We have all heard of the link between eating sh*tty foods and cancer, but new research published in the International Journal of Cancer contends that when you consume that food could matter just as much. Maybe the phrase ‘you are when you eat’ could catch on?
The study investigated whether or not regularly eating dinner before 9 pm, or at least two hours before going to bed, could significantly lower someone’s risk of developing cancer. To find this out, researchers explored the nightly habits of a group of 1,826 breast and prostate cancer patients and compared them to 2,193 healthy individuals. The results indicated that those who recalled regularly eating dinner before 9pm—or at least two hours before going to bed—had a 26% lower risk of developing prostate cancer and a 16% lower risk of developing breast cancer. Needless to say, meal timing had a significant effect on the cancer risk factor of those participating.
And the why? Well, researchers think it could be to do with disruptions to the circadian rhythm.
Often referred to as the body clock, the circadian rhythms is the cycle that governs when we sleep, rise and eat, whilst regulating many physiological processes. It’s heavily influenced by environmental cues, like sunlight and temperature, and when someone’s circadian rhythm is disrupted, sleeping and eating patterns can be sent into an unpredictable spiral. Ever wondered why jet lag leaves you feeling so terrible? It’s because of the interruption to your natural processes; aka, your circadian rhythm.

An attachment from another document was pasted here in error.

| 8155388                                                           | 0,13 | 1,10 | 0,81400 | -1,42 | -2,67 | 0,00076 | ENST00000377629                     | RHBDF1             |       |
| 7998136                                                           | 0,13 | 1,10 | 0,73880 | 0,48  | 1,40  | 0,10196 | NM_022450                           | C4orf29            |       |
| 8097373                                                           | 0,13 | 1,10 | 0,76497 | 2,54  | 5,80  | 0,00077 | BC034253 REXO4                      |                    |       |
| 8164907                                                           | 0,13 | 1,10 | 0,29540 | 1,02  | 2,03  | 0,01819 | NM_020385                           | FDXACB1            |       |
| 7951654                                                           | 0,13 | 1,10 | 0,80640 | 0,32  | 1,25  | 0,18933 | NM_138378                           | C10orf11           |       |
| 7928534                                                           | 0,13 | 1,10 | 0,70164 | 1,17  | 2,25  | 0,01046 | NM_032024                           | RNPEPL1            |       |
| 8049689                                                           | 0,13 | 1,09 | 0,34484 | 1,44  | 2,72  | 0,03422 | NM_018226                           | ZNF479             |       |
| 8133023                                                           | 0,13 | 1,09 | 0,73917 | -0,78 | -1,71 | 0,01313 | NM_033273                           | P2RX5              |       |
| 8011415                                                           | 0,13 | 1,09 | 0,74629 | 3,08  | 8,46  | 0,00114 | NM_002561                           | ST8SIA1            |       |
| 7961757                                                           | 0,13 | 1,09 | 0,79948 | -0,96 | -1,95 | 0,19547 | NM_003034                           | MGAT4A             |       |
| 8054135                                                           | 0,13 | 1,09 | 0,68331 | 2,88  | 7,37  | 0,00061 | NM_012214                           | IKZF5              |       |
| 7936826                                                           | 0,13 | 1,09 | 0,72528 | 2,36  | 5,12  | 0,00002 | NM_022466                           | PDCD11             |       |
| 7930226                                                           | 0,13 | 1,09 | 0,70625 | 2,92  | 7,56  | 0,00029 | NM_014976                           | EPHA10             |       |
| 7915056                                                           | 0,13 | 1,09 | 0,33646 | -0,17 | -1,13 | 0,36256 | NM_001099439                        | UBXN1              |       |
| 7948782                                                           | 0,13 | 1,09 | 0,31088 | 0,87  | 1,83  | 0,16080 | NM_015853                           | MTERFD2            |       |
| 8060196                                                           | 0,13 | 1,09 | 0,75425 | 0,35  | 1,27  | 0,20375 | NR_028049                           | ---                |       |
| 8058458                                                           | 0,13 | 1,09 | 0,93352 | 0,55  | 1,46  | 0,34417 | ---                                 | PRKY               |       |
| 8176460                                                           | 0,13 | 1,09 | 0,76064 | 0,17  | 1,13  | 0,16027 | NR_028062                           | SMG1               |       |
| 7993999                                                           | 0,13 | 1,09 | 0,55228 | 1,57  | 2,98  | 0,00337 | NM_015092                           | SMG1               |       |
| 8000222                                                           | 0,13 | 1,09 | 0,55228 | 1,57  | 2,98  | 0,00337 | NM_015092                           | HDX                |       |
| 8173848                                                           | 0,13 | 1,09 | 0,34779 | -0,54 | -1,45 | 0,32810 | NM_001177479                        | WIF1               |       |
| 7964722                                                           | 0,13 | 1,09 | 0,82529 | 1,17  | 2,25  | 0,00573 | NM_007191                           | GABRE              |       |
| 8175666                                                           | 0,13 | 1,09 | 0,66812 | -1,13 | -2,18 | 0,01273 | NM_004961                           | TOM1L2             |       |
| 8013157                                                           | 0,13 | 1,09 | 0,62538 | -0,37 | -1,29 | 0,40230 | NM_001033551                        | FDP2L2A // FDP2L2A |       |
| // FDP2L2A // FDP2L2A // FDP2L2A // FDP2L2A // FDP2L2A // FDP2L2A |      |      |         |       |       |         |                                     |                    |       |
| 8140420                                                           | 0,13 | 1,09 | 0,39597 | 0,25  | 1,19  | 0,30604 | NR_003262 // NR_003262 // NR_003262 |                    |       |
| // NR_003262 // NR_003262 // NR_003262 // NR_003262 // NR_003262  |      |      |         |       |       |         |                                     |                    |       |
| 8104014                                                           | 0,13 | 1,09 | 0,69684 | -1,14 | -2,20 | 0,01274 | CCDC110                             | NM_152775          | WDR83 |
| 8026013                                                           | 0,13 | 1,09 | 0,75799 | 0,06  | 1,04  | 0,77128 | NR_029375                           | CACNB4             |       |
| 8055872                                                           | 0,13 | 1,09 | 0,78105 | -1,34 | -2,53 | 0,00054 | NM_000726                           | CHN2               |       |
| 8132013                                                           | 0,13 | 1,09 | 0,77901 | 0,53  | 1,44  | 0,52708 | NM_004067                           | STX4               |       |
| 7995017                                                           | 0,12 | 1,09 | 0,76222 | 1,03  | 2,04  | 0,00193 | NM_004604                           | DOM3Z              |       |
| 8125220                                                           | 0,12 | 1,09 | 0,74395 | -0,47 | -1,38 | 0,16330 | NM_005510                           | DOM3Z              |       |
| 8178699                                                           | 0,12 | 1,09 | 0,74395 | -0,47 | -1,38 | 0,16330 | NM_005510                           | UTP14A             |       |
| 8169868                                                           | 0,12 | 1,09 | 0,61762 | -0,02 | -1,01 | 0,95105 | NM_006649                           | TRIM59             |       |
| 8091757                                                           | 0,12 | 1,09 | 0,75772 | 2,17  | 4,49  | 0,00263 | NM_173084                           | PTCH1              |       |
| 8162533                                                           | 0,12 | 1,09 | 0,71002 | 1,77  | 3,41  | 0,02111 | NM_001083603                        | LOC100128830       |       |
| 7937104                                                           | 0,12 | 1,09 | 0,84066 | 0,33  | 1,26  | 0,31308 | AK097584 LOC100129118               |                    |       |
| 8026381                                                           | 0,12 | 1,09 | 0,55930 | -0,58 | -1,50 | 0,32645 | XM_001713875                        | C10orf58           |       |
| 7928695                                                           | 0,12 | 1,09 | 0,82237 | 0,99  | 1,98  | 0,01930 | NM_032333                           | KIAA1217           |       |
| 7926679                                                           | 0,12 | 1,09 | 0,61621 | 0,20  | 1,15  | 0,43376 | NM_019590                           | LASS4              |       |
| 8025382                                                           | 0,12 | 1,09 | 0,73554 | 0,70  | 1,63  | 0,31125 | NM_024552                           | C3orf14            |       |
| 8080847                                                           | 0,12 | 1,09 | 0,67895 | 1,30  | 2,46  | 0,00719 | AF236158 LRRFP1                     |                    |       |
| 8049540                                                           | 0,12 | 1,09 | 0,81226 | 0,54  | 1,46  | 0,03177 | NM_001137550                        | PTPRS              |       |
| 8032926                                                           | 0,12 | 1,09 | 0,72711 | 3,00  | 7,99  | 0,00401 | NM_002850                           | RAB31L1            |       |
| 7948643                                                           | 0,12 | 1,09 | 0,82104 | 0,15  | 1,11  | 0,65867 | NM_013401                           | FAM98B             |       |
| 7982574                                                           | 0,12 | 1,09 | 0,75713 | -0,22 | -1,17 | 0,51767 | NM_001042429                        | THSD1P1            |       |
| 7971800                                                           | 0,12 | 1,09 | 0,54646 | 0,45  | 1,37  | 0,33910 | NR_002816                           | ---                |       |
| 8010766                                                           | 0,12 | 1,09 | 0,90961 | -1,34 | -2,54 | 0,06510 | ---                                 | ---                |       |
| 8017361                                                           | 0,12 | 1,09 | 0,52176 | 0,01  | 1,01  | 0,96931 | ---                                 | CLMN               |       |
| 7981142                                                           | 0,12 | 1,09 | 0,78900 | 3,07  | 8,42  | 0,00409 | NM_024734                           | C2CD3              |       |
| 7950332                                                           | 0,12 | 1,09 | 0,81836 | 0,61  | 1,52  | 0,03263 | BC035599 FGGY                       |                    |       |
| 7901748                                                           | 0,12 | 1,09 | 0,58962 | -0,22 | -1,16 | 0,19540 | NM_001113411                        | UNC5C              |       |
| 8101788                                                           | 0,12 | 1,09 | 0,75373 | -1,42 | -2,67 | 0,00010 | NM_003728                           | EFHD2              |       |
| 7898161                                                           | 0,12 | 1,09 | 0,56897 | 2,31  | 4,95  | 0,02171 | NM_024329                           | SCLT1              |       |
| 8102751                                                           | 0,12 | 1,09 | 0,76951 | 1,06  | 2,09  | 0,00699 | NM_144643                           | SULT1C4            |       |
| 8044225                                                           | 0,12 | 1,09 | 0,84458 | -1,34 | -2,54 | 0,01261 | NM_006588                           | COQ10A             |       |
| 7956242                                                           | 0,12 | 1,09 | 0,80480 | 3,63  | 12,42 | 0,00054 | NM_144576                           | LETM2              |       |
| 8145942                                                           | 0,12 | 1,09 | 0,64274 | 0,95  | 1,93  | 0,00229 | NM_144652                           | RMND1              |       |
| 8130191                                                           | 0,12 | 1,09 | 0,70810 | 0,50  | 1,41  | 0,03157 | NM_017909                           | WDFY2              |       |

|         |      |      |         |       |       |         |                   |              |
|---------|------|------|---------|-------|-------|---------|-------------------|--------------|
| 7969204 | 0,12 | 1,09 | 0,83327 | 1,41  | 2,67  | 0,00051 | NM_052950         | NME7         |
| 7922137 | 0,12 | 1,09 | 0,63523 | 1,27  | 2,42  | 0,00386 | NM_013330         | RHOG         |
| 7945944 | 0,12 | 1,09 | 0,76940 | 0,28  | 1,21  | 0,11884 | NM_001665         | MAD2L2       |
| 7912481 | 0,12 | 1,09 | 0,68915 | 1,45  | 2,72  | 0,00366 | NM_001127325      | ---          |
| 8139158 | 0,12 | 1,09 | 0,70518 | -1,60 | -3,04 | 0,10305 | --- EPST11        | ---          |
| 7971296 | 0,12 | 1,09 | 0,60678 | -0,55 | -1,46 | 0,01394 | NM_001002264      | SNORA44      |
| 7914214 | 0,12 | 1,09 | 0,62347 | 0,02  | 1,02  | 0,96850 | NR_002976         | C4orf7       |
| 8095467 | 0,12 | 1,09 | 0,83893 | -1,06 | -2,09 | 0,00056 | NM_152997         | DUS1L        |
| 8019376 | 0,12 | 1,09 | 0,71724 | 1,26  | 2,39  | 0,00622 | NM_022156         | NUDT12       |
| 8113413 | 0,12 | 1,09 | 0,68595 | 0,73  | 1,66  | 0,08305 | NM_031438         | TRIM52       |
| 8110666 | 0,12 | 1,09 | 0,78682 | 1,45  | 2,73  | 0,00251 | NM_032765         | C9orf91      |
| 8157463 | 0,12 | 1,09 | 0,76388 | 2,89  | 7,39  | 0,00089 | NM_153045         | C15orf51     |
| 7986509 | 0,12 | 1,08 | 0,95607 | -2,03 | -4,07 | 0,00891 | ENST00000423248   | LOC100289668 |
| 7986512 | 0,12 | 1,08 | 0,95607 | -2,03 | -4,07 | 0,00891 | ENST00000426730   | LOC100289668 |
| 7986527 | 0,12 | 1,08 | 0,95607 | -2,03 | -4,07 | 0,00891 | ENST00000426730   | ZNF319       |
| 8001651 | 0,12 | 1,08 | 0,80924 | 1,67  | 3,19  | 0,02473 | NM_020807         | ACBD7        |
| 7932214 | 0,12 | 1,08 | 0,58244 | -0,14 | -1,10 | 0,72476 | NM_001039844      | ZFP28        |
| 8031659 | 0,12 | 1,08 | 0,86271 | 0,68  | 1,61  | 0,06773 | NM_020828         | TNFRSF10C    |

And, it isn’t just cancer that a messed-up body clock can influence. A growing body of research is examining the adverse health effects that a stem from a disrupted circadian rhythm—like increased chances of cardiovascular issues, mental health conditions like depression and bipolar, and obesity.
The bad news is, is that we live in a world that is constantly trying to throw off our circadian rhythms. The go, go, go nature of modern society means that our sleeping patterns are way out of whack, usually comprised of late nights and early mornings from Monday to Friday, then late nights and late mornings over the weekend. The blue lights on our phones are working to suppress the production of melatonin, which is wreaking havoc on our sleeping patterns.
In a similar vein, our eating habits have become increasingly irregular. If eating late at night and without adequate time for digestion before going to sleep is a nightmare for your health, maybe now is the time to take up intermittent fasting. Alongside the host of health benefits that it purports, it ultimately extends the time period between meals, which could help to mitigate the development of cancer.